Open Access Journals Provide Expanded Research Opportunities Without the Cost

Science is publicly funded, but the structure of the publishing industry often makes it very expensive to get access to the latest scientific results. It can be a challenge to find reliable, peer-reviewed information online, and lack of access to research can slow down a research project, or worse, prevent important health care information from reaching populations it could benefit. A growing number of researchers around the world are pushing to make peer-reviewed scientific research more widely accessible and economical. Fortunately for researchers without expensive journal subscriptions, there are already many peer-reviewed open access options available.

The mainstays of open access publication are free multi-disciplinary databases. These are organizations that make peer-reviewed research results in many scientific disciplines available to all users on the internet. The oldest and most famous is the Public Library of Science (PLoS), which publishes open access journals in both general biomedical fields (such as PLoS Medicine) and more specialized fields (such as PLoS Neglected Tropical Diseases), all of which may be searched from its main database at or browsed individually.

Biomedcentral, another strong proponent of open access around the world, and with PLoS a sponsor of International Open Access Week, publishes 223 open access journals in various biological fields. Like the PLoS website, Biomedcentral offers both browsable journal homepages and a search func- tion for all of its journals at


Screenshot of the AJLM web portal

African Journals Online (AJoL) aggregates articles published in Africa, comprising several hundred publications that range from national journals of medicine to more specific journals such as the African Journal of AIDS Research. AJoL also provides a comprehensive list of other low-cost research resources for African researchers.

The African Journal of Laboratory Medicine (AJLM), the official journal of ASLM, also provides peer-reviewed, open access articles focusing on the role of the lab and lab professionals in clinical care and public health in Africa. AJLM (available at, launched in 2011, encourages scholarly exchange among biomedical scientists and clinicians, public health officials, the medical community, and policy makers across Africa.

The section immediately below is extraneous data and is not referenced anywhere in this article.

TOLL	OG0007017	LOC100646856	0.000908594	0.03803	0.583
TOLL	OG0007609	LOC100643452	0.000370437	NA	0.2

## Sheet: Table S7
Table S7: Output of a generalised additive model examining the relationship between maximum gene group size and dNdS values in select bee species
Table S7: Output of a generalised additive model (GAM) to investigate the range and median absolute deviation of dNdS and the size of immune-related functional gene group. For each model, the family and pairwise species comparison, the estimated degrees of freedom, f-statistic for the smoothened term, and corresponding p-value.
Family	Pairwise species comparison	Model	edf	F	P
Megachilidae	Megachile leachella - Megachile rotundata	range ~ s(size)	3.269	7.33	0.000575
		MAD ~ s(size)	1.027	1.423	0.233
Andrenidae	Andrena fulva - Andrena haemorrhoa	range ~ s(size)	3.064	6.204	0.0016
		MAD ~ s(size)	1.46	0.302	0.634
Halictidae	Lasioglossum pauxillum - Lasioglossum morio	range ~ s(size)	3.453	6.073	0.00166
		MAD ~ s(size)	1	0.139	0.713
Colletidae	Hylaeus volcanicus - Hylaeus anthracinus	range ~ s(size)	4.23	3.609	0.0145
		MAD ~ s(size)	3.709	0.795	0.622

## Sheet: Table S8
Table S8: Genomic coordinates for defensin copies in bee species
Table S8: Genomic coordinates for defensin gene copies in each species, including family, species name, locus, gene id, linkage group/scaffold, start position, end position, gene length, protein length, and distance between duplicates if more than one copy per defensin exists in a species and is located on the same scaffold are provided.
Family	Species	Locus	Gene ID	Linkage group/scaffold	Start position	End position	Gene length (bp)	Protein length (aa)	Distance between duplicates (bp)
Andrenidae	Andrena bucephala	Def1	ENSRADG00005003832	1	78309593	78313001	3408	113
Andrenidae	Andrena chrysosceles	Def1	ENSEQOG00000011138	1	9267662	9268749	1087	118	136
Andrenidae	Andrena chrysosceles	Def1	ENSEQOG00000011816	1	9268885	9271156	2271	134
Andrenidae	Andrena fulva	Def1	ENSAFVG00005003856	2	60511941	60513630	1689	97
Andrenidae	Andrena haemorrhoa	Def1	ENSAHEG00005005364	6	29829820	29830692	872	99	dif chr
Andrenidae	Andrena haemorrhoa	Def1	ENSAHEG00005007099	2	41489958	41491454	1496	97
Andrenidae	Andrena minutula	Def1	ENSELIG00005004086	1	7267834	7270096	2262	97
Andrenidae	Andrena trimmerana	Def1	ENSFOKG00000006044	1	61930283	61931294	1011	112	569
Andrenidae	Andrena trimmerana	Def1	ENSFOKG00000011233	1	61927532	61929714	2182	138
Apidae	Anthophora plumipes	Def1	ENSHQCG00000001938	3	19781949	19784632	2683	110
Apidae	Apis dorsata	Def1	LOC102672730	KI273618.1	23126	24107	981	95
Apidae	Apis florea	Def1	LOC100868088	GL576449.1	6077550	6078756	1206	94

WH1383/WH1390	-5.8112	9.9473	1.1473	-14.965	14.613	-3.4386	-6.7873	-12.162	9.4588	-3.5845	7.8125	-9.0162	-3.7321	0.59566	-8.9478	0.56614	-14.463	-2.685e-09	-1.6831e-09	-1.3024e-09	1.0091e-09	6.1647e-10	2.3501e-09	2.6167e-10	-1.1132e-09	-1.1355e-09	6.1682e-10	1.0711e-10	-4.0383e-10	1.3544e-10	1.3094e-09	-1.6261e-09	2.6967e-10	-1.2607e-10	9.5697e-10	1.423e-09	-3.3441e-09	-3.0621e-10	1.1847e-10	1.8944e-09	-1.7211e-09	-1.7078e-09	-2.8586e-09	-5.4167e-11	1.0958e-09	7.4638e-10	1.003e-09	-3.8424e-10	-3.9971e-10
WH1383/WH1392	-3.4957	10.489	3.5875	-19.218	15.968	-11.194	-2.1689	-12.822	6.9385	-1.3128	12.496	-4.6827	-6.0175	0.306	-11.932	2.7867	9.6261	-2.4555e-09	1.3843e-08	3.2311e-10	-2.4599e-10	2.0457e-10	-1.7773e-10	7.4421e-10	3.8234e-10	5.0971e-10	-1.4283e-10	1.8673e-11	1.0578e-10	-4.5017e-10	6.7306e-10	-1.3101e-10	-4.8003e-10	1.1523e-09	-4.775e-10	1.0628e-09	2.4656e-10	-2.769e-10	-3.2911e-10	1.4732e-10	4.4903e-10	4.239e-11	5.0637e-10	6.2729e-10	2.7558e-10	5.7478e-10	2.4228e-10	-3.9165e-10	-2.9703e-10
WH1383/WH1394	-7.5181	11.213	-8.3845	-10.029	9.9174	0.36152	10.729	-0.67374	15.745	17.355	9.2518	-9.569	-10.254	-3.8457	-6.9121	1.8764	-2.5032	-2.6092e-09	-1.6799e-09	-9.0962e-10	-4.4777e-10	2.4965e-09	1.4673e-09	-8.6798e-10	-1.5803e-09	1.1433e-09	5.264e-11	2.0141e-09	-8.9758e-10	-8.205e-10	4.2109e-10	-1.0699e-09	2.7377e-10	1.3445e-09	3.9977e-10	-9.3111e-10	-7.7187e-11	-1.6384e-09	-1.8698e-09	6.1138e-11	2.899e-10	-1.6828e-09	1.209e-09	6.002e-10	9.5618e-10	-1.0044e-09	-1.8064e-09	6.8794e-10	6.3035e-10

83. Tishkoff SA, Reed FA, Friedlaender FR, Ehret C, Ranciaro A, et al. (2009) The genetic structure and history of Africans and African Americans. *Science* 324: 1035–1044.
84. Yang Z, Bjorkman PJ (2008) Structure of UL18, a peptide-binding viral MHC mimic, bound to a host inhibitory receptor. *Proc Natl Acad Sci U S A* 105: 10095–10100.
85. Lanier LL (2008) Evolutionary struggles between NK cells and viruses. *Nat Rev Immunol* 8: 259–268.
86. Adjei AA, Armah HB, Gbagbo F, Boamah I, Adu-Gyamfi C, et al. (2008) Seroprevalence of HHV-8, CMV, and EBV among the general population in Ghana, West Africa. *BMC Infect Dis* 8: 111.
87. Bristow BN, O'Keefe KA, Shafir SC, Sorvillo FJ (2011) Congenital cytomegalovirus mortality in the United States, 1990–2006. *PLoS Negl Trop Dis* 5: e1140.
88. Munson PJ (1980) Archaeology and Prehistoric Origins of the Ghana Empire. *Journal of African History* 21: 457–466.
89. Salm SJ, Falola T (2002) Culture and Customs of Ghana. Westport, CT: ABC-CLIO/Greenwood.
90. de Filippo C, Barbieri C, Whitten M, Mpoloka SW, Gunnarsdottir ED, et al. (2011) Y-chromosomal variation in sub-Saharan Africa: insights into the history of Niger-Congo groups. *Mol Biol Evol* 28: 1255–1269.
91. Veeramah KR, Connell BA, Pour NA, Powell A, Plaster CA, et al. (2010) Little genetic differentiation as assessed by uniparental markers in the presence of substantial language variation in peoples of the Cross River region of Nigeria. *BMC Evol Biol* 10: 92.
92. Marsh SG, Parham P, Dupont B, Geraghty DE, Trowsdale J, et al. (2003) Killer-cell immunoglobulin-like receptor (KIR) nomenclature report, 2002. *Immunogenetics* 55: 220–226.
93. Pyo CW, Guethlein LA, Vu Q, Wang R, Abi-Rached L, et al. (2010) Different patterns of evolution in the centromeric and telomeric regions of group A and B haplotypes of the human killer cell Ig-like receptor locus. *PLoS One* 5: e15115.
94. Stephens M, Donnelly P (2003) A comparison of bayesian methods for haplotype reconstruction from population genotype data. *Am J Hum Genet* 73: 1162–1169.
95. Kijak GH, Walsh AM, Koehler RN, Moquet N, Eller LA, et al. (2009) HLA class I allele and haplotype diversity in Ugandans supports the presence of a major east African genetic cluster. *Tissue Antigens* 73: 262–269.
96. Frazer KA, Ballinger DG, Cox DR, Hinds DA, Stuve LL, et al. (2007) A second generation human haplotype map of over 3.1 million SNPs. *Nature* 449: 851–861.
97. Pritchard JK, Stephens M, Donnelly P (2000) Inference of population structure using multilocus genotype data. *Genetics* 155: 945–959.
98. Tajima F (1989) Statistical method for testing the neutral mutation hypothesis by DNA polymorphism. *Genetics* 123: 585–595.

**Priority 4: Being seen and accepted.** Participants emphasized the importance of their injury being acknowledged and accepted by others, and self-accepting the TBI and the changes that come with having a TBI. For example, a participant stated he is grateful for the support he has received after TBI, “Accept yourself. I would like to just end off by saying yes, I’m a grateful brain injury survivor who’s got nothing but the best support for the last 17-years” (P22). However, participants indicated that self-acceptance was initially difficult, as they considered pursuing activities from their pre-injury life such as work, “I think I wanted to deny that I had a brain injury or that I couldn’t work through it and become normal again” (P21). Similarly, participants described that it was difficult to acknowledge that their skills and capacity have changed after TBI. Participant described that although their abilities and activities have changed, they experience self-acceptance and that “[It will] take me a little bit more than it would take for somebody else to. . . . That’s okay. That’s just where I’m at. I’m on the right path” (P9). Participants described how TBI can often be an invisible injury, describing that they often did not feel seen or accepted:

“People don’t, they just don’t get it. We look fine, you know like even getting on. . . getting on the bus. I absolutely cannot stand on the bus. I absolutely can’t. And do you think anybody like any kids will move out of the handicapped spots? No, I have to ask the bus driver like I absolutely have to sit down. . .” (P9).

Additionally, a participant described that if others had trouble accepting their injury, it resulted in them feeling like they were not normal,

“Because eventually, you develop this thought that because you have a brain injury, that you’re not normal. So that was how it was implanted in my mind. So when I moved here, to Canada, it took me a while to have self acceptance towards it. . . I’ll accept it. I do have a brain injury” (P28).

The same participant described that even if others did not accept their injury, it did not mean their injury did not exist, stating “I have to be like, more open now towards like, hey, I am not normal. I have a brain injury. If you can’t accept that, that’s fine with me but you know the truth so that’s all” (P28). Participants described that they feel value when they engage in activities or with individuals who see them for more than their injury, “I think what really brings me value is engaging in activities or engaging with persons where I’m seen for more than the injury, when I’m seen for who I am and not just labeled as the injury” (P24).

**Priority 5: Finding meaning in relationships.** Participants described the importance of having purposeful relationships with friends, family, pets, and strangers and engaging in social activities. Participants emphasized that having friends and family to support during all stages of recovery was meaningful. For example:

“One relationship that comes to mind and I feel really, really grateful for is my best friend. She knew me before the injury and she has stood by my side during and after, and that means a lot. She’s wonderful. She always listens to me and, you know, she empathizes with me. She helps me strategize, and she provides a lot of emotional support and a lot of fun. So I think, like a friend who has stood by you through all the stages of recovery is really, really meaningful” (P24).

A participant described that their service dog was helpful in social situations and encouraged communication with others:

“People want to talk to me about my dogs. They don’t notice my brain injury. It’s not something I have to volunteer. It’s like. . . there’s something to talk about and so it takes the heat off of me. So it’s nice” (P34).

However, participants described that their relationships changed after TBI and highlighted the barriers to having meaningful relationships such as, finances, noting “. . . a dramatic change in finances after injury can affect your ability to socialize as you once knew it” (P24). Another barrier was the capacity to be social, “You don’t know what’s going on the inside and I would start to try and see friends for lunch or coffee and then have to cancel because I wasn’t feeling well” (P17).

There are also more specialized open access journals. The American Society for Microbiology sponsors an online journal, mBio, focused solely on microbiology, at There is also an open access journal of emerging infectious diseases, available at To find more open access journals specific to your field, try the Directory of Open Access Journals, which lists about 250 journals in biology and over 500 in medicine and public health, at Some journals with expensive subscription rates are made available to residents of low- or middle-income countries for free or at a reduced cost. The UN and the WHO sponsor a project called research4life (available at, a set of databases dedicated to research in the life sciences, which are accessible to public institutions such as universities, teaching hospitals, government offices and research institutions. To get access, the institution librarian must fill out a registration form; after an institution is registered, anyone affiliated with it may access any of a staggering 8000 journals on the database. These include high-impact publications such as Nature and specialized journals ranging from microbiology to agriculture.

By: Laurel Oldach (Lab Culture, Editorial Team)